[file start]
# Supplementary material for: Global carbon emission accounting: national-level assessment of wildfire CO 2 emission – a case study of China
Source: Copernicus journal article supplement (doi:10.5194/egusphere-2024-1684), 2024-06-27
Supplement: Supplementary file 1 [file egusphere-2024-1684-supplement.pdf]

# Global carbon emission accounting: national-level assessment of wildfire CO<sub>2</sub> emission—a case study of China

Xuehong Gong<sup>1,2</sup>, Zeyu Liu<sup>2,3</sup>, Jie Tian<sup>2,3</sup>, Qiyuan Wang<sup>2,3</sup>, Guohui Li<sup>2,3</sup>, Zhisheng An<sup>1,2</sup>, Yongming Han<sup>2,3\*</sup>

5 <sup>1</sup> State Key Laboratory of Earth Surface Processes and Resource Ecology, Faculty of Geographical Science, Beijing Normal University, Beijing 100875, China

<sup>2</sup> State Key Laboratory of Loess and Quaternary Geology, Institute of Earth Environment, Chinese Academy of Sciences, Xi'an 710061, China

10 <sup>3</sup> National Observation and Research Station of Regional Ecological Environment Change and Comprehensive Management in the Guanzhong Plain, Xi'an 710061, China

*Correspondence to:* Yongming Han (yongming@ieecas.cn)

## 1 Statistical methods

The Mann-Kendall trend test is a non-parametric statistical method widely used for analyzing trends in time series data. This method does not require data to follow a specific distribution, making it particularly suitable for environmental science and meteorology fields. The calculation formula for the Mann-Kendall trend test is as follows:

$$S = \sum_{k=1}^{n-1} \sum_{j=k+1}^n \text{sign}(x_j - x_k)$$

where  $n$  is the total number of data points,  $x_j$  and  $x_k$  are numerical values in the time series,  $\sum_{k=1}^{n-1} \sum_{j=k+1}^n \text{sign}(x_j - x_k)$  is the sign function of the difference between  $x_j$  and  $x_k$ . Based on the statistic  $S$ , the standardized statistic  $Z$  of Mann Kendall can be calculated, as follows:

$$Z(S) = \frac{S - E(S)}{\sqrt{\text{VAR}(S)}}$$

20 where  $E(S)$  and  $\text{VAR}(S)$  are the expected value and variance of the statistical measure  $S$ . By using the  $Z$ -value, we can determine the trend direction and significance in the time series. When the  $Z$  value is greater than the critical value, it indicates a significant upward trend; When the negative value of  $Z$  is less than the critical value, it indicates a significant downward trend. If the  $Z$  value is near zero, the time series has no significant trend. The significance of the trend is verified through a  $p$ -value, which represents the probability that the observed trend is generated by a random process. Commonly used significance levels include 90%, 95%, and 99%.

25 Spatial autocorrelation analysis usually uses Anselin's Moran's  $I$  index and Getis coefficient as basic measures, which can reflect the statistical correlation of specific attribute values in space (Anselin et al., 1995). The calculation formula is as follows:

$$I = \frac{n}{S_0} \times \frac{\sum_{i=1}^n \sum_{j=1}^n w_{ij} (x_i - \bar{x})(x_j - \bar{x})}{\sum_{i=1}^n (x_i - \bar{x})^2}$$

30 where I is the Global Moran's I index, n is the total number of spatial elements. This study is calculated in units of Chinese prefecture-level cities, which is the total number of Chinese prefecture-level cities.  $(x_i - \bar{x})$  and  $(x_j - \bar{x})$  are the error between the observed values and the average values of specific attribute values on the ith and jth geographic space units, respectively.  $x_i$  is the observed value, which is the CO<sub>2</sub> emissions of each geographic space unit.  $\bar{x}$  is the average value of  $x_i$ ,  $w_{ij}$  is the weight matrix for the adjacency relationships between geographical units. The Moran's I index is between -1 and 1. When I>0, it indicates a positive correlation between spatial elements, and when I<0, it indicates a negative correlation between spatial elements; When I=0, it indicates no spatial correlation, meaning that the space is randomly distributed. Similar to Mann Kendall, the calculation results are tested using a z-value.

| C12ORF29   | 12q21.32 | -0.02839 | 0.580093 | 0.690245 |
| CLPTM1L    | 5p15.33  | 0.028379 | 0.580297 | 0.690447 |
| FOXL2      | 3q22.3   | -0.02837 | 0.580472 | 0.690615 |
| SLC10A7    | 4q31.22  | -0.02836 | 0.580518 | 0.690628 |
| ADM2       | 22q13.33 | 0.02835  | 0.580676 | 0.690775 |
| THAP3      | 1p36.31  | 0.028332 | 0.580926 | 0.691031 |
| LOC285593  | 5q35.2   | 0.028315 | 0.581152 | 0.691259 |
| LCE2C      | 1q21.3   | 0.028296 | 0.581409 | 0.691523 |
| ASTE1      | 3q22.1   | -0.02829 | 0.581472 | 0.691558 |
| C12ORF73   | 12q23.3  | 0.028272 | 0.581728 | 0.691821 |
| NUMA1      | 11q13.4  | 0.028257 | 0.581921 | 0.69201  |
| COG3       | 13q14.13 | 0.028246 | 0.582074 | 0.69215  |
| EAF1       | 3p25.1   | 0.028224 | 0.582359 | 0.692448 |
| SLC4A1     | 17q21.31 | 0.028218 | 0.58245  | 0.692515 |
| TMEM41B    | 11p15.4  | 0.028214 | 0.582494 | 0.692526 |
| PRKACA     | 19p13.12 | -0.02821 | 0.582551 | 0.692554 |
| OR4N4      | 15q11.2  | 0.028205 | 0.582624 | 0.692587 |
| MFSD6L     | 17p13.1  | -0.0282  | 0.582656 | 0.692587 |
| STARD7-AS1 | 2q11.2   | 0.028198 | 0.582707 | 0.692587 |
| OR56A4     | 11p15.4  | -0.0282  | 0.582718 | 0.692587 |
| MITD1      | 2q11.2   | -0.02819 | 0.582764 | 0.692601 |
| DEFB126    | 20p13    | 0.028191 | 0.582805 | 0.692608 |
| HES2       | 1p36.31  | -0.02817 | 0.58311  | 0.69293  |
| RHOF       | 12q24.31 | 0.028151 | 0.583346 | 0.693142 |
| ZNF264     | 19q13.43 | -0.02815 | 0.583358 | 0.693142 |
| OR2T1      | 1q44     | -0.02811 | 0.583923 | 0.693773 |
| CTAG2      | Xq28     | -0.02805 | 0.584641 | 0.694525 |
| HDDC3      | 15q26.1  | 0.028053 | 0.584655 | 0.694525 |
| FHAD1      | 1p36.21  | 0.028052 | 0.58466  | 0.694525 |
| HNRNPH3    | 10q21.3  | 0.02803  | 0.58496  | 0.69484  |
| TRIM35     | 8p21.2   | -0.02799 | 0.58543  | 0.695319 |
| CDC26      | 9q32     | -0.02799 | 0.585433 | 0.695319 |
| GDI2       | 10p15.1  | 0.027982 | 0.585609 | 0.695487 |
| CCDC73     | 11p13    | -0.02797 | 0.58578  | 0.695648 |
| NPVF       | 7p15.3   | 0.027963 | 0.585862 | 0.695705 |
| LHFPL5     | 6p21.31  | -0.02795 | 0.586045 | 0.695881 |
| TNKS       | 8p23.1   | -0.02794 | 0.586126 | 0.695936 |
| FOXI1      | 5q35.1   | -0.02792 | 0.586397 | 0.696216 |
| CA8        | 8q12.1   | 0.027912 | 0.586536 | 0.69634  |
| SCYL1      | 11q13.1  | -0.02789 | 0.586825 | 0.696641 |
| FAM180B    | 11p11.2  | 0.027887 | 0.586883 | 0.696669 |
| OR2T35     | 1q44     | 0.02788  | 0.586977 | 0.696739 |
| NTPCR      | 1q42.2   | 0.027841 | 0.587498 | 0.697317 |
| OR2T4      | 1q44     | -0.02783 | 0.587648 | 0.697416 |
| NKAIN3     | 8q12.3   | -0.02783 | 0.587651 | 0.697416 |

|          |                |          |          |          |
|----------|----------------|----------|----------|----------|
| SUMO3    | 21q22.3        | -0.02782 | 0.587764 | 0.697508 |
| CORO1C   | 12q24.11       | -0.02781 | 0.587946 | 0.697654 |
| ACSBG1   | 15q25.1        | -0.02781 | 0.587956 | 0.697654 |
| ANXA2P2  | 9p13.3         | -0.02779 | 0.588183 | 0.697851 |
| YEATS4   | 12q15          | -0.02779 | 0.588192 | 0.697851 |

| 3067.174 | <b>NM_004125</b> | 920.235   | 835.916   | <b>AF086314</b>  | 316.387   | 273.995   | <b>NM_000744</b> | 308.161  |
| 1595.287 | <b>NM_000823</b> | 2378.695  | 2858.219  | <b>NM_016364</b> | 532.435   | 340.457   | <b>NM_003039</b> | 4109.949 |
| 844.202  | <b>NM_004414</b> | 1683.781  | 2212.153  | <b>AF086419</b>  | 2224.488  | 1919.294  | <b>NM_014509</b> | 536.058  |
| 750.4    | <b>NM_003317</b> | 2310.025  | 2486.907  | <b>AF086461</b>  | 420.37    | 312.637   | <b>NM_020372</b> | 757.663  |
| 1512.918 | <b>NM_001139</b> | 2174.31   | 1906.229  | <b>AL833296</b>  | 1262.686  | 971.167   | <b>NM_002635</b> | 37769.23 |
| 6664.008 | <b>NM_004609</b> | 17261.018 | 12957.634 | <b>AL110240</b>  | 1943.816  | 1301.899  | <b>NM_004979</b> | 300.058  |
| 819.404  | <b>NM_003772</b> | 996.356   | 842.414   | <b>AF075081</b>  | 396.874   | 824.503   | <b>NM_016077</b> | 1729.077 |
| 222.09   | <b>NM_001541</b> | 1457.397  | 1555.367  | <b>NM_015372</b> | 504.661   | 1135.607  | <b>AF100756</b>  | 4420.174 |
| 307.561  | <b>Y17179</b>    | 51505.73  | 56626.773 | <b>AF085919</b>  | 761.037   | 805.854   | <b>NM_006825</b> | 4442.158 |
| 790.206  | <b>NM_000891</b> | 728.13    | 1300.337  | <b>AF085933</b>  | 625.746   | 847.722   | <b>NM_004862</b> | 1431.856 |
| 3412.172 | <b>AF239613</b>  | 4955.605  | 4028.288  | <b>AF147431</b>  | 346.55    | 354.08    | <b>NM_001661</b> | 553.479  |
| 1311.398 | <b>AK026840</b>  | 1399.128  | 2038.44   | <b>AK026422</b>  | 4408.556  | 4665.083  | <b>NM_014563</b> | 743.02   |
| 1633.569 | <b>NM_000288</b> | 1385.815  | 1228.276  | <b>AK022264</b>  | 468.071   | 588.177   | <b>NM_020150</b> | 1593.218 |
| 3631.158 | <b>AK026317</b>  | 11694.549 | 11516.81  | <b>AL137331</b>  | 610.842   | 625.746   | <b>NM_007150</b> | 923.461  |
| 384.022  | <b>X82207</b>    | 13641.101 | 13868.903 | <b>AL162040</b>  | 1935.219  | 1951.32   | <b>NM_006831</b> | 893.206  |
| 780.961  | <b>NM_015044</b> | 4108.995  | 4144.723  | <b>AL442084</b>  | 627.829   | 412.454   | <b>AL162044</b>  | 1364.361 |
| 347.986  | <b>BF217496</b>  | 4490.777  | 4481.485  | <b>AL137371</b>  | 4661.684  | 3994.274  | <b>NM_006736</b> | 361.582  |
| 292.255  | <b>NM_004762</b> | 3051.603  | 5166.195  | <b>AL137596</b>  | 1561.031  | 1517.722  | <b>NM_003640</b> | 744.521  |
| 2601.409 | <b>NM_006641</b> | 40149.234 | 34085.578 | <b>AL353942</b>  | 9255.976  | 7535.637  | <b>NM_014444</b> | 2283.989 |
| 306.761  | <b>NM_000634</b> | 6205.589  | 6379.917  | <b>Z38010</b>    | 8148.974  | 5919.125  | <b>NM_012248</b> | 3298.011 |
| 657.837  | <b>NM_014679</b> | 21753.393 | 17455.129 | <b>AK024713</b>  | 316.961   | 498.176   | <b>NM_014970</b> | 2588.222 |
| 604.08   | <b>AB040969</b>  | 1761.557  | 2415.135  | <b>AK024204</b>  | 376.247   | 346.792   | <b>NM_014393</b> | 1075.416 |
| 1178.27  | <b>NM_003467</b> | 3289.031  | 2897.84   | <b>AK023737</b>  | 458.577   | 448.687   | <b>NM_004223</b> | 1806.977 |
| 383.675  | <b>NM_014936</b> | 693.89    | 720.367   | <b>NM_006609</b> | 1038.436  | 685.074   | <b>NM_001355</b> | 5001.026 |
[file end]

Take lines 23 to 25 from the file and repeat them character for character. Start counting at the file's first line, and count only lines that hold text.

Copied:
| ADM2       | 22q13.33 | 0.02835  | 0.580676 | 0.690775 |
| THAP3      | 1p36.31  | 0.028332 | 0.580926 | 0.691031 |
| LOC285593  | 5q35.2   | 0.028315 | 0.581152 | 0.691259 |